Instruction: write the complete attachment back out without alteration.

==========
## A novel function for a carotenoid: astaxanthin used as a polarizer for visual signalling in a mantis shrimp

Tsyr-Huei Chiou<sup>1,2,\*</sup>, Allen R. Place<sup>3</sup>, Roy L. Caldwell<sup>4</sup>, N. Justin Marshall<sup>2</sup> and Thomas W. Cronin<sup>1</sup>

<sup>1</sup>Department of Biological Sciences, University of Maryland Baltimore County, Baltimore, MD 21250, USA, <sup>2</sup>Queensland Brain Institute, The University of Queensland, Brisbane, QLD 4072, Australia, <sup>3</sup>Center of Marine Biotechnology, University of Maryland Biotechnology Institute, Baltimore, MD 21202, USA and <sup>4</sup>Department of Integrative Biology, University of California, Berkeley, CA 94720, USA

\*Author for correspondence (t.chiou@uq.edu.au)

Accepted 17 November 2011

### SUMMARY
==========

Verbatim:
## A novel function for a carotenoid: astaxanthin used as a polarizer for visual signalling in a mantis shrimp

Tsyr-Huei Chiou<sup>1,2,\*</sup>, Allen R. Place<sup>3</sup>, Roy L. Caldwell<sup>4</sup>, N. Justin Marshall<sup>2</sup> and Thomas W. Cronin<sup>1</sup>

<sup>1</sup>Department of Biological Sciences, University of Maryland Baltimore County, Baltimore, MD 21250, USA, <sup>2</sup>Queensland Brain Institute, The University of Queensland, Brisbane, QLD 4072, Australia, <sup>3</sup>Center of Marine Biotechnology, University of Maryland Biotechnology Institute, Baltimore, MD 21202, USA and <sup>4</sup>Department of Integrative Biology, University of California, Berkeley, CA 94720, USA

\*Author for correspondence (t.chiou@uq.edu.au)

Accepted 17 November 2011

### SUMMARY